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Archived & Upcoming Images of the Day
Hope you like Swallows!
These are immature Starlings - note the light coloured head.
Swallow perched on our decades old overhead mains wire.
Swallow out collecting insects. They will be leaving soon for a warmer continent and feed intensively before they go.
Often swallows take off en-masse for no reason we can discern. Sometimes most of them come back quite quickly, sometimes most go feeding, and sometimes they just 'go'.
2 Brown Long-eared Bats (see 22 Aug 2005) in a recess of the house. If you can't spot the second it is up and left of the main image against the rafters.
A chance pairing of a slow soaring Buzzard and nimble swallow. Scales must be approximately right for them both to be in reasonable focus
Another instance of swallows taking insects off trees (see 18 Aug 2005) but this time landing on a Hawthorn tree and picking them off.
One or more young foxes continue to visit.
In the pre-dawn gloom swoops of white appeared on an Infra-red security camera. Not the usual moths close to the camera but at least 4 Long eared bats hunting at the front of the house. For 15 minutes breakfast got cold while we took several dozen flash images (mostly of where a bat WAS) but this was the most useful for identification. (Another image in a few days.)
Robin rising out of the frame to avoid an oncoming moorhen.
2 magpies appearing to be doing 'You scratch my back and I'll scratch yours'.
This young fox visited one feeding site, then the other, and back to the first over the course of half an hour just after full darkness. This was the last image of the three. Lots of fruit peelings that night - foxes like fruit.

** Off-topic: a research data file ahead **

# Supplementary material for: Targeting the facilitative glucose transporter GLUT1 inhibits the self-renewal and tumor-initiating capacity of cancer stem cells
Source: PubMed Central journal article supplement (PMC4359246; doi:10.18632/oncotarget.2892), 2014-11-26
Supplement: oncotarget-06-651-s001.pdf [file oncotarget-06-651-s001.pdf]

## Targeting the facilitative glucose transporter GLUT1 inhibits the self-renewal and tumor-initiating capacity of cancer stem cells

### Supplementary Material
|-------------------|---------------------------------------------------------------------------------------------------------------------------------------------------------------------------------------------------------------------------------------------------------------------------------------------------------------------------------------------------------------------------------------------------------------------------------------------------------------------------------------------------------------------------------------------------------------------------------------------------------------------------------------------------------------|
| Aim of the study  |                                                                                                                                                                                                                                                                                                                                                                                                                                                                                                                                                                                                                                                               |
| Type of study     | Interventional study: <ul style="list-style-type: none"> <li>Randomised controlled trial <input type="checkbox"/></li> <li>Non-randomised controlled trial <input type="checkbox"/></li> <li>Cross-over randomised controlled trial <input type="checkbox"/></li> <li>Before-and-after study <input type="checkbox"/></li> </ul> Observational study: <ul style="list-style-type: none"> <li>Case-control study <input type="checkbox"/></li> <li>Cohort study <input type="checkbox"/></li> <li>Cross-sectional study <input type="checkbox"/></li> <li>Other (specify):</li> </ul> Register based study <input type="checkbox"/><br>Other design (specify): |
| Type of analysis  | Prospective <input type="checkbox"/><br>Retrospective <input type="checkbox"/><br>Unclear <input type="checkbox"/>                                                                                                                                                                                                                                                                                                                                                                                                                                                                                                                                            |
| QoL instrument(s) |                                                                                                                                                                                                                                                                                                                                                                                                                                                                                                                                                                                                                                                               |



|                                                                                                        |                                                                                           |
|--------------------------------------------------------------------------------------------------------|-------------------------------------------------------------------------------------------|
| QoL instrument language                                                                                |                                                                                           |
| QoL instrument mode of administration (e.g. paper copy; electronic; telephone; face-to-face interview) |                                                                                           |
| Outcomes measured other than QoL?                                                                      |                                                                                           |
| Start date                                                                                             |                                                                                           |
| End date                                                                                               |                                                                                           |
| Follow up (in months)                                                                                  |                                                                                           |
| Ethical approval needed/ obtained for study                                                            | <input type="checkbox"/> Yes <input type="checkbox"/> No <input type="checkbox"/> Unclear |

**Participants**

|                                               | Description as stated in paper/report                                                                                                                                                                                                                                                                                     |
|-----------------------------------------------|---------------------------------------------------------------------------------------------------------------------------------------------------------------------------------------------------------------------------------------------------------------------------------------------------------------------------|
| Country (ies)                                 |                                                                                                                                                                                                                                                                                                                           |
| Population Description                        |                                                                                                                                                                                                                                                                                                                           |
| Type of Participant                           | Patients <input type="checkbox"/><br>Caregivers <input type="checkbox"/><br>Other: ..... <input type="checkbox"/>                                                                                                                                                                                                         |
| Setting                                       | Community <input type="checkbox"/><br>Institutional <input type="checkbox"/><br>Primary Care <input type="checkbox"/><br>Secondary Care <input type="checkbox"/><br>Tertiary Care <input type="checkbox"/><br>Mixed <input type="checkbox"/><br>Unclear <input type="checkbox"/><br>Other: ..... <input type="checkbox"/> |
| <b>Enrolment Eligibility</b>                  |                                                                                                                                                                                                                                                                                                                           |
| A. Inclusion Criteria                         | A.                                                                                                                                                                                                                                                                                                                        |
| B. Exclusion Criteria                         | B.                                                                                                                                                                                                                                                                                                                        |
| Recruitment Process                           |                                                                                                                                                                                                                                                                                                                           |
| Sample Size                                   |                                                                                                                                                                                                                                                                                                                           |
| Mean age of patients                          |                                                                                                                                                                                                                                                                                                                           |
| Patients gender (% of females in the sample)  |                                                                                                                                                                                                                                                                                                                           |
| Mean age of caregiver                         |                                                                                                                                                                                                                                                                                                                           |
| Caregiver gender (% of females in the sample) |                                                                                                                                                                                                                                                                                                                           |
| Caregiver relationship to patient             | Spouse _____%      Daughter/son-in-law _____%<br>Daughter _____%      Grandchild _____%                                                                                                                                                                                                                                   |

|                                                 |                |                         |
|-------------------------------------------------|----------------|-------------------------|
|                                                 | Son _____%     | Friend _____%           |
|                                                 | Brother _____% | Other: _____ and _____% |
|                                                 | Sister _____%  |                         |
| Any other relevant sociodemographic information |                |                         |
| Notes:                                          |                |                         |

This image shows a piece of Swallow behaviour we have not seen before. The swallows hovered over this Ash tree top for a second or two beating their wings against the leaves. They then swooped down to collect the insect(s) they dislodged. A number of individuals were doing this from a group of about 100 feeding over the plot for an hour or so.
Adult Swallows can feed their youngster in mid-air in a wonderful show of aerobatics. This is the 'best-so-far' image we have of this event
The rabbit control officer on duty.
The Young Muntjac deer knows where to get a free meal.
Going out to change the camera memory cards, this lovely dawn through the trees made up for the wet feet.
After a few years break skeins of Geese are again flying over the plot.
A Peacock Butterfly yet to encounter bramble thorns, bird pecks and other ravages of life.
This robin took it's picture fleeing from the approach of the monster coming to swop memory cards in the camera and chuck down some corn. During the day robins are now fairly trusting but in the half-light they quite rightly play safe.
Don't know what this young moorhen is doing, but you get a good views of the structure and patterning of the wings.
The Muntjac deer at the front of the house after photographing itself the night before.
The Fawn seems to be a male judging by appearance of antler bumps on the head (actually better seen the next morning at the front of the house when he triggered the movement detector - see tomorrow)
A slight tatty Speckled Wood butterfly on Blackberry.
The underwing of this comma butterfly shows the camouflage view that with both colour and wing edges mimics a dead leaf.
The top view of this comma butterfly shows the display colours. The wonderful scalloped edges are part of its disguise - see tomorrow.
A freshly emerged Peacock butterfly sunning itself on a blackberry leaf.
For the first time we have seen young green woodpeckers here. There are at least two, and this one is standing on top of a Great Tit nestbox mounted on a dead elm. Last year a Great Spotted Woodpecker pair wrecked the box as you can see, but did not use it last year nor this so it's time for replacement.
First sighting of a Small Copper butterfly here, this one rather nicely poised on a buttercup flower.
Image from this date last year - a couple of 'Gatekeeper' (AKA Hedge Brown) Butterflies feeding from Blackberry Nectar.
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